With individuals just ask them, ever been in an accident, alot of times they will tell you! Or they might say a little fenderbender on bumber but Nissan fixed it. I called a lady on a Z & outright asked "ever been in accident" she said Nissan told her car had been repainted. *wow* all I did was ask.

Interior & Electrical:

1. Pretty obvious but check the leather for paint, dealers like to spray messed up leather with leather paint.

2. Being these cars are T-tops check the seat rails for excessive signs of corrosion from where they fell asleep & a rainstorm hit while they were inside.

3. Check the radio, easy to talk down dealer a little because I gaurentee the stock system has problems.
4. Work everything electrical on the passenger side. Duh, I always forget this...never know when a seat or window switch won't work over there.

Too many factors with engines, read the faqs & take to a shop...but whatever, test drive a friend's then the one you want, not down the street, get it on the interstate, work the gears & *listen*. Drive it for more than 25 minutes when you get serious (overheating, etc) , I never like to waste the owners time so I go look, come home, think & cool down my jets, then if thats the one I want tell them I'm serious but want to drive it for awhile.

Other tips:

Now other things I've found with dealers is 9 times out of 10 they bought the car at auction, if the car is 22 they paid 18 or less. Believe me, 2 grand off the asking is a given, unless it's unusually low priced. Know the value in kbb/edmunds/& general area. I just bought this 94 convertible at a local nissan. On the lot for $22.7K & this baby is mint. Book is $22.6K I got it under 20. Now if your credit is poor, it's much tougher since they have the advantage. Individuals are much tougher to talk down but if the add says best offer that is dead givaway they need to sell it bad...payments or something, so offer less. If the car is mint the owner will generally not budge for good reason & I have no problem paying more for mint.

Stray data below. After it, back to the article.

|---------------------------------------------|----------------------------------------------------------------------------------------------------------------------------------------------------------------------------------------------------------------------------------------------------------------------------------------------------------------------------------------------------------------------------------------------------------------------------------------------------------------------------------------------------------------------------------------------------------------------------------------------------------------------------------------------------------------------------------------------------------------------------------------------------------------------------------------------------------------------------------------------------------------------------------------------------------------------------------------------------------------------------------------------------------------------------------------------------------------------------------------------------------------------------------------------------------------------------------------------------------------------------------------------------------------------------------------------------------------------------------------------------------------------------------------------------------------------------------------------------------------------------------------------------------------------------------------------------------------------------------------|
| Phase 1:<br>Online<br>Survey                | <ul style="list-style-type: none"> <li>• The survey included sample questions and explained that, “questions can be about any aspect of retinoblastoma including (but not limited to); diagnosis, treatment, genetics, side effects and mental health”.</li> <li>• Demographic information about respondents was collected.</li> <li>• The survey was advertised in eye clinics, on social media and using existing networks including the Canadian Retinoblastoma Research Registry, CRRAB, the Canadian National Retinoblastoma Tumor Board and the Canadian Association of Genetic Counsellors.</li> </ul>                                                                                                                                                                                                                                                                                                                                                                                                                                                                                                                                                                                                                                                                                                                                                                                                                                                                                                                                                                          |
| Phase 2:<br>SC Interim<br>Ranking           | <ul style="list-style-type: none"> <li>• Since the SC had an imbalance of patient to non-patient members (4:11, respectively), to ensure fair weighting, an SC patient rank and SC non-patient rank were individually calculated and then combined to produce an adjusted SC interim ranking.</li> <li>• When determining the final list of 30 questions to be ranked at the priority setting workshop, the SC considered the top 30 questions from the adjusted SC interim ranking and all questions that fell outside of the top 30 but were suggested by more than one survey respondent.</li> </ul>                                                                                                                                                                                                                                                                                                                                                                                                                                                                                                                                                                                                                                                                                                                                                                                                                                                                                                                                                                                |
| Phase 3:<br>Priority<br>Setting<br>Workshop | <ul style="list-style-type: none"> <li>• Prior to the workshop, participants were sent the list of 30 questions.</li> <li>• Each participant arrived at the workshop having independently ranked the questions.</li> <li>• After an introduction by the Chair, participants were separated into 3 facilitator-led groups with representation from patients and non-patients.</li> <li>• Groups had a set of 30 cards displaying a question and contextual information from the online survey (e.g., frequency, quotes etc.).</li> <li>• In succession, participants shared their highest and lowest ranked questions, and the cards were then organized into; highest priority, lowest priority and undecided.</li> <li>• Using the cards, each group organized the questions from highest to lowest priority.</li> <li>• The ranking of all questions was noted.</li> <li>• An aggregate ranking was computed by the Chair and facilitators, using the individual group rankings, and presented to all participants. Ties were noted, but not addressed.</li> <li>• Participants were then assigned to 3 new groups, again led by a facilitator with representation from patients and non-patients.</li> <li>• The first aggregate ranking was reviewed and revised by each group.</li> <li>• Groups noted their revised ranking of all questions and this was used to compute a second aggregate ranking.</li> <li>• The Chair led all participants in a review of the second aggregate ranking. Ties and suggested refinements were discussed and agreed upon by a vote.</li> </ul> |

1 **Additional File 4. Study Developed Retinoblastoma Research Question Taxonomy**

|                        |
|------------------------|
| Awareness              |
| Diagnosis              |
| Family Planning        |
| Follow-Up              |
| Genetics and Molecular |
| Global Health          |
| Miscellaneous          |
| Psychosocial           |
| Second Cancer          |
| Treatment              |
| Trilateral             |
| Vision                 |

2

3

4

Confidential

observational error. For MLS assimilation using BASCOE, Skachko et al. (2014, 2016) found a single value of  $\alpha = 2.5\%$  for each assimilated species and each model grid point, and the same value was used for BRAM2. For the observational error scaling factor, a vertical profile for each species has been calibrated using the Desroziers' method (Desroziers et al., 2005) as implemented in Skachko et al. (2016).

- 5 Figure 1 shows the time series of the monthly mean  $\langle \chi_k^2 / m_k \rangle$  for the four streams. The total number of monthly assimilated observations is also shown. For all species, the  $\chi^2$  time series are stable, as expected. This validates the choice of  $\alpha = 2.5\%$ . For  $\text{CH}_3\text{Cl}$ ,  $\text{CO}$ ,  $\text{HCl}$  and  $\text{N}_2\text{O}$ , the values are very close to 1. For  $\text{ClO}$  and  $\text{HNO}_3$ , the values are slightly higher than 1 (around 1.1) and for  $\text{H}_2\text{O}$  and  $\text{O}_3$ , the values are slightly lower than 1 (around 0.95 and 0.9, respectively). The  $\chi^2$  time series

By far the cleanest Z's Ive seen are at Nissan dealers. Cleanest I've ever seen are at Ft Lauderdale Nissan but they price accordingly. I've talked to the Zman down there & he sounds impressive.

Last but not least! Carfax! but don't be surprised if you see auctions...that is normal part of auto business but I double check when I see that. Auto auctions are VERY good at cleaning cars for the sellers, they can hide anything.
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Old 11-05-2003, 09:56 PM
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Typical used car stuff, tire wear, oil (indicating leaks), mismatched paint or overspray (indicates accident), uneven lines/alignment of body panels (also indicates accident), interior wear (check side bolsters for possible patching, t-top seals/condition (possible leaks), gas cap (original?),check the oil from dipstick(condition?), hoses (condition?), visual of battery(is corrosion present, connections loose?), visual check of glass(is vin on glass?all the glass?), does he still have the rear hatch cover?, are the wheels on the correct side and place(wheels (if original) are marked L and R, visually the wider two should be in the rear), lower splash guards in place?(they protect the bottom of the engine from everything, sorta like a plastic skidplate), maintence records for any work done?, any bulbs/electrical not working?(check all switches and levers), heat and A/C working? visually inspect the power steering resevoir for leaks/fluid(indication of possible HICAS problems, or power steering rack problems)

You should test drive with the radio off to listen to the car and its noises. When you're driving check:

alignment(does it go straight on a flat road)
suspension(does it feel overly harsh or soft, bottoming out, unusual vibrations?)
turning ok? does the wheel come back to center?
acceleration ok? does it pull hard and strong?(tt should put you in your seat really well)
clutch feel, clutch engagement(overly harsh, too soft?)

Check for the spare and tools.

Did I overlook anything? Maybe, but I still think that I've given you quite a formidable list to go through. Have fun.
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Old 03-14-2004, 07:23 PM